As adults though, we also have superior time management to when we were a kid.
If you need some practical tips on how to make time for urban sketching, check out my post here. The same advice applies for finding time to learn how to draw or applying your drawing and painting skills to stepping into urban sketching.
Learning to draw develops other important skills and qualities such as decision making, patience, focus and discipline. We take our time a lot more seriously as we get older. Focus and discipline are our weapons with which to battle time constraints.
It takes some time to get good at drawing but it does not take an entire lifetime. Evidence of this statement is found when looking at incredibly talented young artists. As mentioned above, sure, some people do have an innate talent to pick certain things up quicker than others but the only way to become really great at something is hard work.
Drawing is not the same as Sport in that you do not have to start as a child to be in with a chance of becoming excellent at it. Also, art doesn’t have a time limit on it. You can carry on making art until you cannot hold a pencil anymore.
Did you know Van Gogh started later in life? He was still figuring his style out well into his 30’s.
I have heard of loads of animators, illustrators and artists who started to learn in their 30s. They had to learn and then get really good before they could even think of starting a career in their chosen field.
You may not even want a career in art, you just want to be able to draw and paint well enough to satisfy yourself, to give you joy, maybe sell a few pieces on the side…so automatically there’s less pressure.
Learning to draw simply needs to be installed as a habit, much like walking your dog, washing your car (ok, I never got into that habit), or cleaning the house. It just becomes another one of those things that you do very regularly and is part of your routine.
Build a schedule for yourself. Find a week’s worth of drawing tutorials and decide to do one each day, or twice a week, or whatever works around your schedule.
Check out the Resources section below for suggestions on where to find some tutorials.
You need to have the maturity and fortitude to keep yourself motivated. I find these qualities do only come with age.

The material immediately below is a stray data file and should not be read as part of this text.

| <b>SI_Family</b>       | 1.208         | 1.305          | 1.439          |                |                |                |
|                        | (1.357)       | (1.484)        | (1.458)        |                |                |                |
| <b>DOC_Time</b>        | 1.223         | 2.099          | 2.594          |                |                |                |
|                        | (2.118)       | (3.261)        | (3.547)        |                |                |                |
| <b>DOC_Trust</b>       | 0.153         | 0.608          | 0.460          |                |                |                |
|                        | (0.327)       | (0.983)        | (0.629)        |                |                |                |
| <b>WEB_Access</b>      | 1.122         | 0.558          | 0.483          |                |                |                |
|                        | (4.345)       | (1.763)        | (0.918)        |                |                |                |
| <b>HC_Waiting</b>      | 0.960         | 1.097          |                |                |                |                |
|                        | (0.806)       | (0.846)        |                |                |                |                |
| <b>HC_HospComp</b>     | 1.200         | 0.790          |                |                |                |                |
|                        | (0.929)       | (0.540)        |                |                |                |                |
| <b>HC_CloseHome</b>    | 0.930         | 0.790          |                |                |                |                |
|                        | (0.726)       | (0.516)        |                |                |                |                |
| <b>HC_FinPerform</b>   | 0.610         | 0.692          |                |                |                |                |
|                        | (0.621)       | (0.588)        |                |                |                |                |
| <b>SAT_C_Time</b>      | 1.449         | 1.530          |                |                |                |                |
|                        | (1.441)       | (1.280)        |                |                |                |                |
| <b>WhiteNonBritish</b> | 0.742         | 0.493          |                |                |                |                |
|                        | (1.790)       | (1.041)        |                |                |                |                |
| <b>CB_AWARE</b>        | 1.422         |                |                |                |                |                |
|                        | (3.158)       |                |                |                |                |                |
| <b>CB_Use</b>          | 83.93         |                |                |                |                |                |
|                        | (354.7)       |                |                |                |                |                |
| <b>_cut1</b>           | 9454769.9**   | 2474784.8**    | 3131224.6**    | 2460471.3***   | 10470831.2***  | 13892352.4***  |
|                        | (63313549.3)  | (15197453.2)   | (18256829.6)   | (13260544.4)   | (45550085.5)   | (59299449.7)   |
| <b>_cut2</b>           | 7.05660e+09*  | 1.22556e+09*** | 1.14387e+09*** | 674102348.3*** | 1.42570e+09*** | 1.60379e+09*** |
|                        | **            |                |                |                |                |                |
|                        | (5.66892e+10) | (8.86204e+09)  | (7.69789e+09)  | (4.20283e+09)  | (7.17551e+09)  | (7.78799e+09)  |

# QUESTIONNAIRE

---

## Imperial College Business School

Drawings can be good and then bad and then good again, they do not get progressively better with every single drawing. It’s a rollercoaster. You need to play the long game (or at least the medium game) and you need to learn how to push through failure.
Get inspired and check out the work of other urban sketchers. Many many artists do not draw in a crazy realistic way. Most sketch what they see under massive time constraints. The focus is on capturing the energy and the story.
Check out the work of Inma Serrano, Felix Scheinberger and James Hobbs. I feel these artists may inspire you to get started.
Learning how to draw is a meta-skill and consequently can improve many other areas of your life and personal development such as problem-solving, critical thinking and rationality along with learning to give and take critique.
Creating art is one of the least age-dependent activities I can think of. There is a massive resurgence in learning arts and crafts. There has literally never been a better or cheaper (free) or easier way to learn how to draw and paint.
There really are no excuses. The only barrier to doing this is you.
I decided to learn to draw in my late-twenties. I decided to buy the book “Keys to Drawing” by Bert Dodson. I worked slowly and steadily through that book and followed the exercises. For me, it was the perfect introduction. I really do think learning to draw in a basic medium (such as a pencil) and following foundational exercises (usually sketching fruit, glass bottles and various other still life objects) before moving on to more complex subjects.
It’s easy to think you can just jump in somewhere in the middle but I really do recommend starting with the very basics, even if you can draw a bit or you used to paint a couple of decades ago. Start from the beginning and build a solid base.
Resources For Learning How To Draw
Keys to Drawing by Bert Dodson
Drawing on The Right Side of The Brain by Betty Edwards
How To Draw What You See by Rudy De Reyna
Pen and Ink Drawing: A Simple Guide by Alphonso Dunn
Best Youtube Channels For Learning To Draw
Jazza – more cartoony
Proko – more traditional drawing
Alphonso Dunn – fundamentals, ink and urban sketching
The Mind of Watercolour – drawing and watercolour painting
Online Learning Platforms (that have a wide selection of art courses)
Skillshare (use this link to get free trial of premium membership)
Online Illustration Schools (for very serious training)
For more information on specific urban sketching courses, check out these posts:
A Round-Up of Urban Sketching Courses & Classes